March 3, 2003
From Claude Crowley
Your picture of the Rowena is enclosed. When cleaning up my Aunt Myrtle Crowley's Goss's house in Jamestown after she entered a nursing home, I found an original print of
On the back, an almost illegible pencil note said: "Methodist on an outing, (illegible) in office" (by which I think the writer meant the pilot house). I don't have a clue as to where she got the picture.
I've studied the picture long and hard. By the women's clothing, I judge it was made around 1915, give or take a few years. Look at the woman's hat, directly under the whistle. The boat is sitting high on the water, like a duck, so it wasn't busy carrying cargo, at least that day (compare with the pictures of the Jo Horton Fall and R. Dunbar). The outing was on a hot day, as we can see two men with fans in the foreground. I was interested in the winch on the fore deck, as well as the spar that handles the gangplank. No doubt the spar was used to load the heavy cargo too. The searchlights look right modern. The wooden chairs look like the ones teachers used to have in grammar school.
I have no doubt that the picture was made on the Upper Cumberland at a community with a pretty large Methodist Church. Celina or Granville, maybe? Burnside?
I wonder what the railroad tracks in the water mean? Maybe this is one clue that can determine where the picture was made. Are the tracks there to pull boats out of the river to work on the hull? I don't know. Do you have any ideas?
My family lived in Cookeville, Tennessee, 1903-1967, and Mom had relatives, the Suttons, in Granville. Mr. Ben Sutton operated a huge country store and undoubtedly received many on his products over the years by steamboats, including the Rowena. We frequently went to Granville to visit, and I have a dim, almost dreamlike memory of seeing the big white stern of a steamboat disappearing downstream around the bend.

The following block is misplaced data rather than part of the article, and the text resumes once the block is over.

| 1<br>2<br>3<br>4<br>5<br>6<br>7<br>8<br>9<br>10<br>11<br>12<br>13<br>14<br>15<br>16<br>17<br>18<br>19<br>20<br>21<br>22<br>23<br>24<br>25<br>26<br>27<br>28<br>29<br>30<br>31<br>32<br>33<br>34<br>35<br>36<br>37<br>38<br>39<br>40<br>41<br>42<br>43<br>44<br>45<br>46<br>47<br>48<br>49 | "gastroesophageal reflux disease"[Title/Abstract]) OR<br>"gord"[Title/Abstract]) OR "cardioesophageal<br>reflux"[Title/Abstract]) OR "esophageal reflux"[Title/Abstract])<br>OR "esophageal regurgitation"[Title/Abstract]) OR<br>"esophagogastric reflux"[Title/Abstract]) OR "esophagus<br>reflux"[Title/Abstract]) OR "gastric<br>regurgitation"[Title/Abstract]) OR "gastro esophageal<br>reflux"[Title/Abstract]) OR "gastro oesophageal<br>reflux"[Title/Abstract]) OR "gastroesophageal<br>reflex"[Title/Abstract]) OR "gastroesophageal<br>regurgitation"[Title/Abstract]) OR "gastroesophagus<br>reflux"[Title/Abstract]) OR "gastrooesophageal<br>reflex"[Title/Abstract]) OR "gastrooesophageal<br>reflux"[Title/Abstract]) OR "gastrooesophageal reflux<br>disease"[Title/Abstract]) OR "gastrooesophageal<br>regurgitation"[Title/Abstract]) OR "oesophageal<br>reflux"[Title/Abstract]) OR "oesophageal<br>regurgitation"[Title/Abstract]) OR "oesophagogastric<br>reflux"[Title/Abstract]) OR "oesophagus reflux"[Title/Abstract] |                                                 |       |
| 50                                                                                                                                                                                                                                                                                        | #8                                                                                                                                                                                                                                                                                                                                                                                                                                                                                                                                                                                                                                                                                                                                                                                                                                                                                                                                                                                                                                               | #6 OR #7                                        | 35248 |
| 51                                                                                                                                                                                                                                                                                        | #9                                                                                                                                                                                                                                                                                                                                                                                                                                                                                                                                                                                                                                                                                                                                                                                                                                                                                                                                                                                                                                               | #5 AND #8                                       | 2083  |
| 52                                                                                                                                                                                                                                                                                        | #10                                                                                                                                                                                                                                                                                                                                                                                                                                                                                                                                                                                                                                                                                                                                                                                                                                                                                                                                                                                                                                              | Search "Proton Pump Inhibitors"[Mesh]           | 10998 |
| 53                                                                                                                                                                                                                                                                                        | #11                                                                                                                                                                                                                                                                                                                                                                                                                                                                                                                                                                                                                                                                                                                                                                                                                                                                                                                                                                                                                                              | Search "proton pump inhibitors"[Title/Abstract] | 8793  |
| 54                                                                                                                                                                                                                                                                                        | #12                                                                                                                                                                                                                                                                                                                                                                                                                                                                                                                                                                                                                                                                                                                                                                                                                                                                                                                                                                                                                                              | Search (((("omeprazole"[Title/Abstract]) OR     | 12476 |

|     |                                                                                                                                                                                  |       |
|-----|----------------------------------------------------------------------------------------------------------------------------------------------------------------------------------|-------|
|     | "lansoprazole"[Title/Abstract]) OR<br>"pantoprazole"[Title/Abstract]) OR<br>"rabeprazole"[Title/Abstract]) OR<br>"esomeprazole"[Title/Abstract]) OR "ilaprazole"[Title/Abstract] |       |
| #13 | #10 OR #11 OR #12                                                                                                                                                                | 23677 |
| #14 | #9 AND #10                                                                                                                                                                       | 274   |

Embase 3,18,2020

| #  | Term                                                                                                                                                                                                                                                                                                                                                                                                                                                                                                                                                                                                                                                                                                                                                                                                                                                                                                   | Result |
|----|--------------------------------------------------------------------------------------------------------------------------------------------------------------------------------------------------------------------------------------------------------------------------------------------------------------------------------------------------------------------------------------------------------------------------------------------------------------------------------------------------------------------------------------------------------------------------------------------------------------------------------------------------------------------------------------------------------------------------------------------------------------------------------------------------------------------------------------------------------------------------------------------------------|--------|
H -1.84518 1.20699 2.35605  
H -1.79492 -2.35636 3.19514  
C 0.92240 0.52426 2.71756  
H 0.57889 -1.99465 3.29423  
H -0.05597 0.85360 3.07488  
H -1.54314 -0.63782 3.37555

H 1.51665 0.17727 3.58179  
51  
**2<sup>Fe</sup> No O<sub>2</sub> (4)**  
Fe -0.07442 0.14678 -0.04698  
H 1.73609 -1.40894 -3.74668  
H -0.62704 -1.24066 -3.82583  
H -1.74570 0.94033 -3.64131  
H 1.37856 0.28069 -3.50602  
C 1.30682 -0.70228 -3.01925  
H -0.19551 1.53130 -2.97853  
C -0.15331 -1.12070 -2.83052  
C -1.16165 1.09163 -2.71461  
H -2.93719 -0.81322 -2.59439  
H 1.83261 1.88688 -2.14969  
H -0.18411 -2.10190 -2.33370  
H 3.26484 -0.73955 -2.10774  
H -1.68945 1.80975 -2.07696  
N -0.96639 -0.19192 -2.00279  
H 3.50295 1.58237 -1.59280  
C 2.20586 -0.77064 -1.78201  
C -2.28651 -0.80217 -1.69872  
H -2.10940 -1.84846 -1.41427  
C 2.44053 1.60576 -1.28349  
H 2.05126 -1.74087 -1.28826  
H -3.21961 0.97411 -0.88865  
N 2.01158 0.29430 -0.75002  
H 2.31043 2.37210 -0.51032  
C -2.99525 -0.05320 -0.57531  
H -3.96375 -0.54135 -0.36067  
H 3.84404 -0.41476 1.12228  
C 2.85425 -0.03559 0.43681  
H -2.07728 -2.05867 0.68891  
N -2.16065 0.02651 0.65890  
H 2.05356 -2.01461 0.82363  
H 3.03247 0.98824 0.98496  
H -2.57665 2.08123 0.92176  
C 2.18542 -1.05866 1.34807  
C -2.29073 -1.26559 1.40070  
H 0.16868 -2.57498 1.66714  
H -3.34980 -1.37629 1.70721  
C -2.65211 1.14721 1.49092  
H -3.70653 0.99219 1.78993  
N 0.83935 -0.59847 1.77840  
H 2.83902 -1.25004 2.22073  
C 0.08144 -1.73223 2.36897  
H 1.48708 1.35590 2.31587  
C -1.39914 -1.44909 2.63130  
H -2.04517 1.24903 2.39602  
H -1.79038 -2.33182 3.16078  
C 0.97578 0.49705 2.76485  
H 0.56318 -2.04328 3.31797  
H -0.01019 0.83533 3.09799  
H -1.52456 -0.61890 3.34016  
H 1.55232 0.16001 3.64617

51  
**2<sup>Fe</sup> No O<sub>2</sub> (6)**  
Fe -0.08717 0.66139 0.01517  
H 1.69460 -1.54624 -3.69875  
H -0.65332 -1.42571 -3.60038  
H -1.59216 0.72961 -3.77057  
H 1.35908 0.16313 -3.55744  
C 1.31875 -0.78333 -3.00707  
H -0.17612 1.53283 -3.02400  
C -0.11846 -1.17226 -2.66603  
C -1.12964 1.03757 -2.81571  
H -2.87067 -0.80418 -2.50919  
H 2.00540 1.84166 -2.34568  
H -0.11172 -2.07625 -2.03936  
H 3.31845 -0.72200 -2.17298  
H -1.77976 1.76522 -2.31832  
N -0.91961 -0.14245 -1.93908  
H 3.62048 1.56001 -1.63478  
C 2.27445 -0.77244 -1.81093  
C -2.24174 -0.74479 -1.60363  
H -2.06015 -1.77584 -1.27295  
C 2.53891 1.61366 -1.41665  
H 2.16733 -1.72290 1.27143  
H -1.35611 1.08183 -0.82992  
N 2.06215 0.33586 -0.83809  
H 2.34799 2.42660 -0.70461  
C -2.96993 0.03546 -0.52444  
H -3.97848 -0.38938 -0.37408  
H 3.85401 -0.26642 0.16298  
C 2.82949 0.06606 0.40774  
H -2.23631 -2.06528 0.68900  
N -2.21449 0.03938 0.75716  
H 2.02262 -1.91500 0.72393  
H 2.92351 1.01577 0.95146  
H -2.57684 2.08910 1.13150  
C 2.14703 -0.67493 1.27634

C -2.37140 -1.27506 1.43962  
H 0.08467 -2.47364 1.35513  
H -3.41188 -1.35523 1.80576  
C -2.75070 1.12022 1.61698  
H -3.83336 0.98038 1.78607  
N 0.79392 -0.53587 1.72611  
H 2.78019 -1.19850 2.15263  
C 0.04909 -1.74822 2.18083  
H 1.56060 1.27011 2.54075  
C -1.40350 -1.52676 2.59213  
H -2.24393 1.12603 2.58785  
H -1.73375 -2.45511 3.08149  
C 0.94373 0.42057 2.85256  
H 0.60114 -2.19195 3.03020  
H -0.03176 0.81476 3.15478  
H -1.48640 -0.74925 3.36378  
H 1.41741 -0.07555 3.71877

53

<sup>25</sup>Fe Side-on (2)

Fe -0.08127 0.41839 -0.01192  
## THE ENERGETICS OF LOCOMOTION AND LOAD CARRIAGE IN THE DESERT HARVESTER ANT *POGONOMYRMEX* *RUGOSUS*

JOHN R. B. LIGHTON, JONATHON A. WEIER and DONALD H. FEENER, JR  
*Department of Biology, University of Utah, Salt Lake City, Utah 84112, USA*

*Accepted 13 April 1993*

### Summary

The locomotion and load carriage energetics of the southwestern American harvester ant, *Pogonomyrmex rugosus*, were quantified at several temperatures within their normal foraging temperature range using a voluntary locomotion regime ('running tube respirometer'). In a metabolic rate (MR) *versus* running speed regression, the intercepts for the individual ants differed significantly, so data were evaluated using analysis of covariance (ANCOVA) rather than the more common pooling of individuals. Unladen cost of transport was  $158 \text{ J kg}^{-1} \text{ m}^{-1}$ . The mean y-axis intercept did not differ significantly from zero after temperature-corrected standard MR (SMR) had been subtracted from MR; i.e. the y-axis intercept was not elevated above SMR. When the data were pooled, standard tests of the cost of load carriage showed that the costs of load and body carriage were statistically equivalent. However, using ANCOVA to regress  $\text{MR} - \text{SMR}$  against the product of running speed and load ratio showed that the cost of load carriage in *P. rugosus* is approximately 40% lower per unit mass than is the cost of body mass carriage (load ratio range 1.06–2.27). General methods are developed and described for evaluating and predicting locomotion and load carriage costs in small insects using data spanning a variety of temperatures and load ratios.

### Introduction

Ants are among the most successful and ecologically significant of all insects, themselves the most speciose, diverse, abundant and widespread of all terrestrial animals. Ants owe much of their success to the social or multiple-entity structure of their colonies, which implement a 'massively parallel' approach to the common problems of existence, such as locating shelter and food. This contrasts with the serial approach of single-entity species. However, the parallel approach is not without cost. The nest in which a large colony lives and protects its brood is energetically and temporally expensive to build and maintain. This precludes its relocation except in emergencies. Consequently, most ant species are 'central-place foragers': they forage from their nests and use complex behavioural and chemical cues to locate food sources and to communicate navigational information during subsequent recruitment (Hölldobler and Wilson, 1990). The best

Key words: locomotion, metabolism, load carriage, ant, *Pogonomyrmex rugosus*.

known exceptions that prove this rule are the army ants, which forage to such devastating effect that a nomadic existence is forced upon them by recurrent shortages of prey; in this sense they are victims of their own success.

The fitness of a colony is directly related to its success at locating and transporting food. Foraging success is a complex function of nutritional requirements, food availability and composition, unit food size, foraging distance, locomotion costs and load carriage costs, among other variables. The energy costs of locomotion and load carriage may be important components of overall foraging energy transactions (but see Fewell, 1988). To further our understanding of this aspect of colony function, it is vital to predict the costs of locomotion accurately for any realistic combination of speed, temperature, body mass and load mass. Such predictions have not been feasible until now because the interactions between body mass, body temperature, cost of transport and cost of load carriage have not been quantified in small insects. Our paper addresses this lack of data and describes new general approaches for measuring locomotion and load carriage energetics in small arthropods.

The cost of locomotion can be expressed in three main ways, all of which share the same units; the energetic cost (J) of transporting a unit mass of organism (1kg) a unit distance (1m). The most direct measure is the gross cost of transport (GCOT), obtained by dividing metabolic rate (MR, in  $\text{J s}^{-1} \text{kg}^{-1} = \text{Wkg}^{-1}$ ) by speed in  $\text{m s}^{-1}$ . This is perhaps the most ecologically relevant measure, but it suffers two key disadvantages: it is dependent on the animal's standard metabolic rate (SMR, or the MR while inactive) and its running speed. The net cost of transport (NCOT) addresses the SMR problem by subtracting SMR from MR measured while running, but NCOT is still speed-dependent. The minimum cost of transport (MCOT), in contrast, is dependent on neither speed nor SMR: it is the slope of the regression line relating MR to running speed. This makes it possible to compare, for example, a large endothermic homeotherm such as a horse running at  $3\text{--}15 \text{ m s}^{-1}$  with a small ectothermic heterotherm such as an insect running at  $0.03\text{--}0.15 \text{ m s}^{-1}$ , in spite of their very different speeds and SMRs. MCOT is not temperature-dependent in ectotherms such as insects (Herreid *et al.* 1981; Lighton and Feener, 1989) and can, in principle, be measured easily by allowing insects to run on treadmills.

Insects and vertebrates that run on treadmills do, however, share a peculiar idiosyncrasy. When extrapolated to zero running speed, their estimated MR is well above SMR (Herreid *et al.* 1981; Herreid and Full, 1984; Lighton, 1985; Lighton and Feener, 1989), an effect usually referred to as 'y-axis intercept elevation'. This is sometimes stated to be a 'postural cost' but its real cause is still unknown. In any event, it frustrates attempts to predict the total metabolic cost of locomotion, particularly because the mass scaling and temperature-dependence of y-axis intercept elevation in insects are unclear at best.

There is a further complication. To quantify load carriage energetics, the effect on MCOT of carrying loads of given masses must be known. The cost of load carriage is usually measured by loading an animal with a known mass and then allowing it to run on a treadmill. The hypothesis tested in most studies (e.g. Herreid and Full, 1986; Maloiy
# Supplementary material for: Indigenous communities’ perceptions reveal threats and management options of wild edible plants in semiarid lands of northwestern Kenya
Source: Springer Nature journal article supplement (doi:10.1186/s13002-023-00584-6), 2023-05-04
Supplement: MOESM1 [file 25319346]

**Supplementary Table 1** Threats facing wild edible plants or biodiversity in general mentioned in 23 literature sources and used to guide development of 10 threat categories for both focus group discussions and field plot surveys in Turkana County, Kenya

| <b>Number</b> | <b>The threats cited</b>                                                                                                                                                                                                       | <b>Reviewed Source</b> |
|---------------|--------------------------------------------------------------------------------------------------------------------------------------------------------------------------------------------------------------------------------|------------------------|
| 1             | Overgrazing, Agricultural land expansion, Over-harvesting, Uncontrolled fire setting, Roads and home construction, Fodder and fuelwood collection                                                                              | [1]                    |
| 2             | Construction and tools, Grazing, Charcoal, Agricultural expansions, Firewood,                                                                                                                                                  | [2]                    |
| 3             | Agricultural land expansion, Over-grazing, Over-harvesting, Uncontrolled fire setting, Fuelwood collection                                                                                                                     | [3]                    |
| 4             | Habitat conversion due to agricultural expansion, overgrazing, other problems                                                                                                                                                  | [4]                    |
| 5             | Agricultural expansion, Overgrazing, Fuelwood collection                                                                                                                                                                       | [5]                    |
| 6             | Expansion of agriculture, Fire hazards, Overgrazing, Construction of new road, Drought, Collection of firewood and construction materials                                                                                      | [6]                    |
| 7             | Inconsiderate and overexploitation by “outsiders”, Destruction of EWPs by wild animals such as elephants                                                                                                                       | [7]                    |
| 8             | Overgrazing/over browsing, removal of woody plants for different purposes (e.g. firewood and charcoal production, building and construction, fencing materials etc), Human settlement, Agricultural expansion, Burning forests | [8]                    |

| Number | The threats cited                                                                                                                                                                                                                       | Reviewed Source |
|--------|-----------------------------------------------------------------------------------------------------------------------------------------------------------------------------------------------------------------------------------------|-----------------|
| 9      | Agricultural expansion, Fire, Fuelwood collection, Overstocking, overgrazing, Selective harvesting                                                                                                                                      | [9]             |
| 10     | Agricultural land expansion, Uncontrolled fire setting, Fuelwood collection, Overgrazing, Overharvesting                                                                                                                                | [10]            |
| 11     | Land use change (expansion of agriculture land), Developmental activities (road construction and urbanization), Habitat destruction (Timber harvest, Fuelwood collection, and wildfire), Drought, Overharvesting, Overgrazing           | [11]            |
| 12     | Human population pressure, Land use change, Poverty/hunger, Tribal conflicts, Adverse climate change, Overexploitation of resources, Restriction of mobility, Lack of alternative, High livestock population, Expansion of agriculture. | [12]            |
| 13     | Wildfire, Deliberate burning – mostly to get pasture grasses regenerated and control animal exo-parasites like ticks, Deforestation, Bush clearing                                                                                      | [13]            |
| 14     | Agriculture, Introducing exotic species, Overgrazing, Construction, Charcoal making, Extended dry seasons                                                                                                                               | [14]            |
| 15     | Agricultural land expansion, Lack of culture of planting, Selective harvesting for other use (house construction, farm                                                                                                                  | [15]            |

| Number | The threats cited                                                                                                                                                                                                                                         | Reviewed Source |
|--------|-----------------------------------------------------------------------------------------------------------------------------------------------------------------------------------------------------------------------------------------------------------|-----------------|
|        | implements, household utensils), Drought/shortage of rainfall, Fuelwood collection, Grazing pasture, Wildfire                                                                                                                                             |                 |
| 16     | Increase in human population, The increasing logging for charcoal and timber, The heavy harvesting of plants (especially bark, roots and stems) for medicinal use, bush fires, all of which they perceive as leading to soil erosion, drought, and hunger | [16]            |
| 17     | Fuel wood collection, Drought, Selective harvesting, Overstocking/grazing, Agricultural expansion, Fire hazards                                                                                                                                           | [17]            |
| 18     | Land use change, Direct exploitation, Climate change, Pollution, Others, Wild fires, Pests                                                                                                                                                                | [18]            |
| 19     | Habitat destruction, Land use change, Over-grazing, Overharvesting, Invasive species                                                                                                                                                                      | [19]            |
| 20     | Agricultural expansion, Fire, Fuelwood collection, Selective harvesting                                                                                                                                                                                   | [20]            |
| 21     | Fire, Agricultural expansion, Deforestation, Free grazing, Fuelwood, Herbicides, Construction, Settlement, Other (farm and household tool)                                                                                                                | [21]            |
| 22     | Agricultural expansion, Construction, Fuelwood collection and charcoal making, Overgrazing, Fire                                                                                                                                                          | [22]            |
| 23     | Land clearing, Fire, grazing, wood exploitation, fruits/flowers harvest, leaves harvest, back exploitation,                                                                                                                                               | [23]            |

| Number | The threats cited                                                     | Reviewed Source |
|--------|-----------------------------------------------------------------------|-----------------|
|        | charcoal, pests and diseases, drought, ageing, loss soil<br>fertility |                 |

But someone told me that the last packet went off the Cumberland in 1929, and as I was born in 1927, I figured it must be just a dream--I couldn't have remembered. According to the history on your site, however, the Rowena plugged along until 1933 or '34. So I could, indeed have seen her at the age of three or four.
Also enclosed are two pictures of the R. Dunbar and one of the Jo Horton Fall. I don't know much about these boats, except that they did serve the Upper Cumberland some. The Jo Horton Fall was one of the last packets. In the pictures, these boats were surely prospering. They are "flattened out" with cargo.
Have you seen the book Steamboatin' on the Cumberland, by Byrd Douglas? (Tennessee Book Company, Nashville, 1961, Library of Congress Catalog number 61-18350.) This book has the history and pictures of a great many Cumberland steamboats, including the Rowena. One picture shows the Patrol, which look identical to the Rowena. If you could get your hands on a copy, I think you would enjoy it.
Thanks again for creating the Rowena site--it is a big thrill to me to correspond with someone who knows about this fine boat. I have a strong feeling that stern-wheel was the last to roil the waters of the Upper Cumberland (with the exception of the reproductions and excursion boats).
Fort Forth, TX